_ tx.

Far more meaty and engaging is My Gorgeous Lite by Dame Edna Everage (Pan £3.99) issued in pauperback (sic) tor the benelit at those unlortunate possums who lacked the necessary to read the housewile megastar‘s autobiography between hard covers. Dame Edna's glamorous persona and charm-laden delivery are at course absent lrom the page, but hervoice is still clearly audible in the narrative style, and it's a lair substitute.

Less successlully sundered lrom its

charismatic performer, Glad To Wear Glasses by John Hegley (Andre Deutsch £4.99) is a collection at the bespectacled bard's recent works. Hegley‘s poetic vision is dogged by two themes—the ophthalmic and the canine and berelt ol the myopic stare, the hessian bound, the conlrontational delivery and the aggressively thrashed ukelele, it can seem bland and repetitive. But there are a lew gems here, especially in the lield ol irrelutable observation, such as ‘one at the main dillerences/ between Blackburn and Preston/ is that Preston/ is more western‘, a splendid quatrain

which lirst appeared in The Guardian. .. .50 You'a; coNCERNED Awur MY "S‘tYI-E oF Wt?" ARE You ‘1’?

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So too did The Revolutionary ll. . . by Steve Bell (Methuen £4.99), this year’s collection lrom the best and easily the liercest ol the paper‘s cartoonists. With a caustic imagination that leaves Swill and Voltaire looking like Pam Ayres, he demolishes the establishment on both sides at the House, gets serious about Northern Ireland, provides a worrying guide to greenhouse weather conditions, and does so with superb visual panache and a great deal at hearty rib-tickling.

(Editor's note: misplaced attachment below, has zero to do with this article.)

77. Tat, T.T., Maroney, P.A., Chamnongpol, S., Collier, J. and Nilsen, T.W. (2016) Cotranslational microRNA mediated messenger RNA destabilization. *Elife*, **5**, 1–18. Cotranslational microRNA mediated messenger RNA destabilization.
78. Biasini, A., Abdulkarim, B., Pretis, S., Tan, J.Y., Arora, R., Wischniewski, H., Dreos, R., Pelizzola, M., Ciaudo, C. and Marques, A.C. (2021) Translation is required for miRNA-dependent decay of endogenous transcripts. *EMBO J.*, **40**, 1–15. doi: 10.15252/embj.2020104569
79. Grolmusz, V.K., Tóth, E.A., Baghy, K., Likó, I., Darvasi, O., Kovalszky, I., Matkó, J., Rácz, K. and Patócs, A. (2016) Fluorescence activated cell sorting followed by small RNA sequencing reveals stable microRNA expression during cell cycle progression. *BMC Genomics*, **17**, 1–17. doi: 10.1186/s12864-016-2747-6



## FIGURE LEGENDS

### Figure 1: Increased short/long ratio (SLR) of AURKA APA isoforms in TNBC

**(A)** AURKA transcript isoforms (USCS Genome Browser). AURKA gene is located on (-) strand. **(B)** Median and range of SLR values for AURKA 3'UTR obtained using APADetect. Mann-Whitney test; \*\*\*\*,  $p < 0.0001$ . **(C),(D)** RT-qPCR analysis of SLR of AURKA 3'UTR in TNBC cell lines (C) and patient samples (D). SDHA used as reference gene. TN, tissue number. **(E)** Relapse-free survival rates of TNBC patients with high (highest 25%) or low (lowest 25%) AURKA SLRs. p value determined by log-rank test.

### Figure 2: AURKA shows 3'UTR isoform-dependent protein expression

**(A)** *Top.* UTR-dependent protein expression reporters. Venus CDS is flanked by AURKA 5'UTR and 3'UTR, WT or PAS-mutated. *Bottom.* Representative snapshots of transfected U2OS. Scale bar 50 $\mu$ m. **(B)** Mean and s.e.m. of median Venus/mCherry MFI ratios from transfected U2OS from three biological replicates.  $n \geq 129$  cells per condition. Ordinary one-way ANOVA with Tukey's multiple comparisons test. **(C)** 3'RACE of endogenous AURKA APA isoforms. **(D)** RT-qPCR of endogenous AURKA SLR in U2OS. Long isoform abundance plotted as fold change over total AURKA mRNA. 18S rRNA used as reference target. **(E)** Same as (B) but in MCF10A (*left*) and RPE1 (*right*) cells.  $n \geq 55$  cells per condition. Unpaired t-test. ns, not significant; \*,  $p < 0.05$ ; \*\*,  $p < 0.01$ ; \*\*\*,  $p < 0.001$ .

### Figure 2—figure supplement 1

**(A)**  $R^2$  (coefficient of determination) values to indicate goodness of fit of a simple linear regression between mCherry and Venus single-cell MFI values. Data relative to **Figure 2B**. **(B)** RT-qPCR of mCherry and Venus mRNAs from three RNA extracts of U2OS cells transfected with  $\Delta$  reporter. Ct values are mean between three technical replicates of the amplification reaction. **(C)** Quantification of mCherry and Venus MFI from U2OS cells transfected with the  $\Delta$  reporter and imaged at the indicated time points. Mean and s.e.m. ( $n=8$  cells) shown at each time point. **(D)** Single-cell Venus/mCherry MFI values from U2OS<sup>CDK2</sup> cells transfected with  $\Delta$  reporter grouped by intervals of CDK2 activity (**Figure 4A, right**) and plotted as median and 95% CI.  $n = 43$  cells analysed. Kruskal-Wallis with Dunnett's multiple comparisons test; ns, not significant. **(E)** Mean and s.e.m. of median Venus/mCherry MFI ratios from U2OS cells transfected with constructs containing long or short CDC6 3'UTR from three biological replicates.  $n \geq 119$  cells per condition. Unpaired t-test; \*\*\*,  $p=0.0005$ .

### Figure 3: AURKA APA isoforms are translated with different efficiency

By contrast, Alex lll: Son 0t Alex by Charles Peattie and Russell Taylor (Penguin, £4.99) belongs in a world apart, where Independent readers presumably send their senses ol humour. Alex is in The City, as are most at his supporting cast. He is happily married, and in the course at this collection ol short strips becomes a lather; but although these two milieux are linked (by a tax machine, in the case at the birth), they have no real connection with the outside world.

Even middle-class guiltlailsto penetrate Alex's smugly cushy

number. . To conclude on a high note,

Scarleland by Gerald Scarle (Hamish Hamilton, £10.99) does not disappoint. A rather pricey paperback reissue ‘with new additions’, this is a kind at Dante's Menagerio, in which Scarle‘s everyman travels through a bizarre, mythical land, where he encounters all manner at strange beasts, like the Mad Hattersley Hare, the lmeldapede (with shoes lor every pair at leet) and The Gigantic Fergie (Yorkus Elephantiatus). The launa at this lost land is captured with hideous accuracy in Scarle’s grotesque yet elegant penstrokes, though publication was too early to include the notorious Saddam Ant. Next year, perhaps.

92 The List 23 November 6 December 1990